2. Rutten N, van Joolingen WR, van der Veen JT2012The learning effects of computer simulations in science educationComput Educ5813615310.1016/j.compedu.2011.07.017 http://dx.doi.org/10.1016/j.compedu.2011.07.017
3. Woolf B, Day R, Botch B, Vining W, Hart D1999OWL: An integrated web-based learning environment106112Proceedings of international conference on mathematics/science education and technology 1999Association for the Advancement of Computing in Education
4. Wieman C, Perkins K2005Transforming physics educationPhys Today58364110.1063/1.2155756 http://dx.doi.org/10.1063/1.2155756
5. Kober N2015Reaching students: what research says about effective instruction in undergraduate science and engineeringThe National Academies PressWashington, DC
6. Greeno JG, Collins AM, Resnick L1996Cognition and learning1546 Berliner B, Calfee RHandbook of educational psychologyMacmillan Library Reference USANew York, NY
7. Bransford JD, Brown AL, Cocking RR2000How people learnThe National Academies PressWashington, DC
8. Cooper S, Pérez LC, Rainey D2010K–12 computational learningCommun ACM53272910.1145/1839676.1839686 http://dx.doi.org/10.1145/1839676.1839686
9. Wilensky U, Resnick M1999Thinking in levels: a dynamic systems approach to making sense of the worldJ Sci Educ Technol831910.1023/A:1009421303064 http://dx.doi.org/10.1023/A:1009421303064

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2018-05-25
2018-12-11

Abstract:

The concept of bacterial growth and substrate utilization is foundational in the field of microbiology, yet the teaching of this concept is often limited to a graph displaying a single ideal growth curve. As a result, the underlying mathematics are often ignored, and when they are introduced, the equations are generally splashed across the screen with little expectation for student retention or comprehension. We have designed a web-based, interactive learning program called Environmental Science Studios (ESStudios: http://esstudios.arizona.edu/) to model microbial growth to promote active, hands-on, problem-solving that fosters a deep understanding of the mathematics of growth phenomena. The ESStudios Microbial Growth and Dynamics Modeling Program was used as a supplement to traditional lecture in an environmental microbiology course. Using the program, students were able to easily conduct a large number of virtual experiments, make direct on-screen comparisons across experiments, and develop a strong understanding of the effect of growth parameters on microbial growth curves. Student feedback on the activity was positive, and during the activity, we noted they asked questions indicative of higher level understanding. This activity demonstrates ESStudio’s potential to shift the pedagogy from teaching microbial growth using generalizations and dry oration to teaching the concept with visuals, case-studies, and interactions that allow direct relation of the underlying mathematics with the physical manifestations of microbial growth.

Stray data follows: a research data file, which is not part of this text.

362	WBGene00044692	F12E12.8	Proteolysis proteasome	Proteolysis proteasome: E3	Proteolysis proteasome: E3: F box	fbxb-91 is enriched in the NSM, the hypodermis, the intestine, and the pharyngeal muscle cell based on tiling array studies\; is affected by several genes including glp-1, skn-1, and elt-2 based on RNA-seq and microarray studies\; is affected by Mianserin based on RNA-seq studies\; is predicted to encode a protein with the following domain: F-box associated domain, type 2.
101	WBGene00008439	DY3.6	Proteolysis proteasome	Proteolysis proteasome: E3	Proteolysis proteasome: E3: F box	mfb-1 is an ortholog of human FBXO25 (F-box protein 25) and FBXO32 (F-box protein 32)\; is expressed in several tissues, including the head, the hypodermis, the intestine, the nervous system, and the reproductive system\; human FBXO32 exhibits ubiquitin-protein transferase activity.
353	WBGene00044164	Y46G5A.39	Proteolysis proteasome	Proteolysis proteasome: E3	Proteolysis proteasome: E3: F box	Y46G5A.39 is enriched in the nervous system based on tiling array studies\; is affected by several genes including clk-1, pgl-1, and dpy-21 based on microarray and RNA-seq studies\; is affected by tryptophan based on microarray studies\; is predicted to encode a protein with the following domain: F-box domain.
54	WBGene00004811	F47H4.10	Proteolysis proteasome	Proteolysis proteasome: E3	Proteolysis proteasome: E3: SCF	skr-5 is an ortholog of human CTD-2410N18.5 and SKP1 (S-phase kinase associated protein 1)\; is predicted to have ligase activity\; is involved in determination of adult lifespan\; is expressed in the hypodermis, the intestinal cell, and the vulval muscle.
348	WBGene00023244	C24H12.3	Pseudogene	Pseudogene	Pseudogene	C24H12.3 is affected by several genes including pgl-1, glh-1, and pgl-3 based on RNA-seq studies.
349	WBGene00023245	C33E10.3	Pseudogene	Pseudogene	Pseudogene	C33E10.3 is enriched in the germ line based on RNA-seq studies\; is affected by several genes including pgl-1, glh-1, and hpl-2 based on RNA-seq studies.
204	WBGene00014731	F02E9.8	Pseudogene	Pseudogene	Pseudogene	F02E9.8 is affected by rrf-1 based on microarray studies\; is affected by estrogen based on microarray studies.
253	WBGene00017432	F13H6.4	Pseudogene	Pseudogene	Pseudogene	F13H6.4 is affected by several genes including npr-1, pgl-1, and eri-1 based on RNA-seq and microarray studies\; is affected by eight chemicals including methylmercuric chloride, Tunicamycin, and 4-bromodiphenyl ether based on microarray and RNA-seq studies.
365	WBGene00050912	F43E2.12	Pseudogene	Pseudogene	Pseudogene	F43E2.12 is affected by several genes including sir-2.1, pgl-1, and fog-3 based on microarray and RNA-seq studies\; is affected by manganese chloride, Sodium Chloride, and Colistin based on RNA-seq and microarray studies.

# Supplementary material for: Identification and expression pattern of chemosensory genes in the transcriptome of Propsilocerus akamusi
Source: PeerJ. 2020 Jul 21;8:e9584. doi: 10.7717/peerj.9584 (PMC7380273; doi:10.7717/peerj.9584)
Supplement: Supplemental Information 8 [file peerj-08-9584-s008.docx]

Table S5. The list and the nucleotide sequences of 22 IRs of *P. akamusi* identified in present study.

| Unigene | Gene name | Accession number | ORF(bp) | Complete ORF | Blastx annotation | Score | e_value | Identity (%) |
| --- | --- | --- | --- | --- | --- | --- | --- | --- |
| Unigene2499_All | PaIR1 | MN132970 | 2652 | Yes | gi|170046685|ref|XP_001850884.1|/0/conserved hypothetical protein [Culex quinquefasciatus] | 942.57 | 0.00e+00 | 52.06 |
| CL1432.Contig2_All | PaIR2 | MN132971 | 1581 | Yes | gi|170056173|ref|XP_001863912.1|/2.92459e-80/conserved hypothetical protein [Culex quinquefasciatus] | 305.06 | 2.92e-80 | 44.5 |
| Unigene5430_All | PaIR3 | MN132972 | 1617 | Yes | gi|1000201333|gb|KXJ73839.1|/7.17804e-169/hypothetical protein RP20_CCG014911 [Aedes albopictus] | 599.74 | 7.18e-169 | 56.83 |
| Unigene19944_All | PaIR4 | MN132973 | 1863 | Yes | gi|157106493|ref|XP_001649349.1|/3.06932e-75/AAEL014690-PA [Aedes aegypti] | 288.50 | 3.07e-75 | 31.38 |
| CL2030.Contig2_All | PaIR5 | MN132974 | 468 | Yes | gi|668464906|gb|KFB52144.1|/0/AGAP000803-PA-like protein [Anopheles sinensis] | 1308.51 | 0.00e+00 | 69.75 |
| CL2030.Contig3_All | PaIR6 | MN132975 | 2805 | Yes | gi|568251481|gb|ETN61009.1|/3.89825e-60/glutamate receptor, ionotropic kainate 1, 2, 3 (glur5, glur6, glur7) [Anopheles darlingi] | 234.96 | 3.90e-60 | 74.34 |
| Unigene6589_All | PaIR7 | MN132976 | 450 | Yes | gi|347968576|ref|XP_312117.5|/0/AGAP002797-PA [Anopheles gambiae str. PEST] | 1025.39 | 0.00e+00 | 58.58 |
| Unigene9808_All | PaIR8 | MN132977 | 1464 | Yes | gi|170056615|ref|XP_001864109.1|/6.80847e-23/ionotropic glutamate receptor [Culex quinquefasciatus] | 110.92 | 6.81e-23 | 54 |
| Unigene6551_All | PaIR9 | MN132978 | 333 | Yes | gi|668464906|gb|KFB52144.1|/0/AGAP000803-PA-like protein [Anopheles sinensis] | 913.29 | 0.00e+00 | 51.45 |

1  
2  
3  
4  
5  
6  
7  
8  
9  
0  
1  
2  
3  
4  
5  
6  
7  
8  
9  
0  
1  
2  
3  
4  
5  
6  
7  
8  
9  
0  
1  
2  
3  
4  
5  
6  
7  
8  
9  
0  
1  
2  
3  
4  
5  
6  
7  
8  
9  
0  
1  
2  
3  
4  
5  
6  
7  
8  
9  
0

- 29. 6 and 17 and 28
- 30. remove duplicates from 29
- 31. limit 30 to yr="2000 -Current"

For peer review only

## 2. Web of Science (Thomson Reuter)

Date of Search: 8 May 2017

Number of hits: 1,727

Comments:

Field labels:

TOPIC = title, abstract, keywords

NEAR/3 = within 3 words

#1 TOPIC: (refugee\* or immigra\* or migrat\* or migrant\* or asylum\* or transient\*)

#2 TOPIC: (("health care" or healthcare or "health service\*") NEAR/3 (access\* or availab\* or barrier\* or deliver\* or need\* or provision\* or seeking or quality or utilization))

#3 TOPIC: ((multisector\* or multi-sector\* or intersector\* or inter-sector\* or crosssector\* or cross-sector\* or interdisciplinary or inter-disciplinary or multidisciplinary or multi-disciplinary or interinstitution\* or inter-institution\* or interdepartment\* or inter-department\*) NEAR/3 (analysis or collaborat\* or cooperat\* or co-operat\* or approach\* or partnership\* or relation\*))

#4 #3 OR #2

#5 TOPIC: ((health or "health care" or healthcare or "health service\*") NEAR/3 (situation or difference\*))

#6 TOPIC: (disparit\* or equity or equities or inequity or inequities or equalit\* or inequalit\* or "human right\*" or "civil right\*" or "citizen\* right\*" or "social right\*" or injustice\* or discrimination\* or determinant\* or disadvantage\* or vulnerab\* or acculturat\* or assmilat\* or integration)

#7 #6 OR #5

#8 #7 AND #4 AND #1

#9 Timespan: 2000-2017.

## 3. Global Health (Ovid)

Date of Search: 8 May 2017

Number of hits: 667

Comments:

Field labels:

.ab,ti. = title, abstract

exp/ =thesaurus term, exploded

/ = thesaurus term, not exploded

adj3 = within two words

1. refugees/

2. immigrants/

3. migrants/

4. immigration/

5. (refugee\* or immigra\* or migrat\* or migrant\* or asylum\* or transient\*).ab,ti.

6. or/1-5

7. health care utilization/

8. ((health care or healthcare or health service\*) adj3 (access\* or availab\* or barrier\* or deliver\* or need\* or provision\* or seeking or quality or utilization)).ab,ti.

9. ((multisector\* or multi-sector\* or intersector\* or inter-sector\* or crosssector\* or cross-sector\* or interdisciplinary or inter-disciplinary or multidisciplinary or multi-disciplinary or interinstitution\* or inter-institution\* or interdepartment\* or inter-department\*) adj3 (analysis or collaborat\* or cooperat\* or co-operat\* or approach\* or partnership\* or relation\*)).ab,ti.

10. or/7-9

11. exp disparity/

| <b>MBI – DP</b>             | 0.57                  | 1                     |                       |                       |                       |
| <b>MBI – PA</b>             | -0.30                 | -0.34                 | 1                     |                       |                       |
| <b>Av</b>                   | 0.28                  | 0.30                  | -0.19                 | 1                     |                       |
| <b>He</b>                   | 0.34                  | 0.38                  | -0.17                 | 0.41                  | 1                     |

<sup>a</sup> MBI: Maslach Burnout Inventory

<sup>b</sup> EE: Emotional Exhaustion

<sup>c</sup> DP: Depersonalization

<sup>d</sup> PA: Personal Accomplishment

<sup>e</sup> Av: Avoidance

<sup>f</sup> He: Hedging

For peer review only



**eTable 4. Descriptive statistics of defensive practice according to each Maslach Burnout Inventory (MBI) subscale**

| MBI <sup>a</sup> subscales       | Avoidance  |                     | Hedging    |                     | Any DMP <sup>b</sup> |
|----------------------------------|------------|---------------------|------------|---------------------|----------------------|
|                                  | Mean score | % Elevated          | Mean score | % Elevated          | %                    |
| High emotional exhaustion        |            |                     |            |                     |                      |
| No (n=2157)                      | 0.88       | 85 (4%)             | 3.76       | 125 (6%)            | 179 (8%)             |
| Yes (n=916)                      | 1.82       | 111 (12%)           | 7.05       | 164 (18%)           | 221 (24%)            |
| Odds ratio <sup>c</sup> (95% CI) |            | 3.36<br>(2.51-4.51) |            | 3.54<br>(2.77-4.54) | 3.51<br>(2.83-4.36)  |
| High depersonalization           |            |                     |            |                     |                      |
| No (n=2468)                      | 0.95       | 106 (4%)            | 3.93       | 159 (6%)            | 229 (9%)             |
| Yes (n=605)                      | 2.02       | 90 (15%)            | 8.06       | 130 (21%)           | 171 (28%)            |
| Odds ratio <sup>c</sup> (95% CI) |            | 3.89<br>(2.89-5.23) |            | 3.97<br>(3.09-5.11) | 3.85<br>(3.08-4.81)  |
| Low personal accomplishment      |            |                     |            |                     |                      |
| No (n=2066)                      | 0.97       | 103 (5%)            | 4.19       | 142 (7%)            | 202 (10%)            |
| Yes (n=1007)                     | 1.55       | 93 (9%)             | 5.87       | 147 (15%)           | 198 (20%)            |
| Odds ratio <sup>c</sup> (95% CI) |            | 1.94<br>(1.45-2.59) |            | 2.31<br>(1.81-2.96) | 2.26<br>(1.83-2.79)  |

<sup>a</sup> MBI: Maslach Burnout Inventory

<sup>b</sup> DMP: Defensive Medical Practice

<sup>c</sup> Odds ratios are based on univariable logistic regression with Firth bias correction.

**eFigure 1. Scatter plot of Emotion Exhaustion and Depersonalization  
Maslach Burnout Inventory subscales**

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FIGURE 1

A typical growth curve used to depict the phases of microbial growth in traditional pedagogy.

Source: J. Microbiol. Biol. Educ. May 2018 vol. 19 no. 2 doi:10.1128/jmbe.v19i2.1489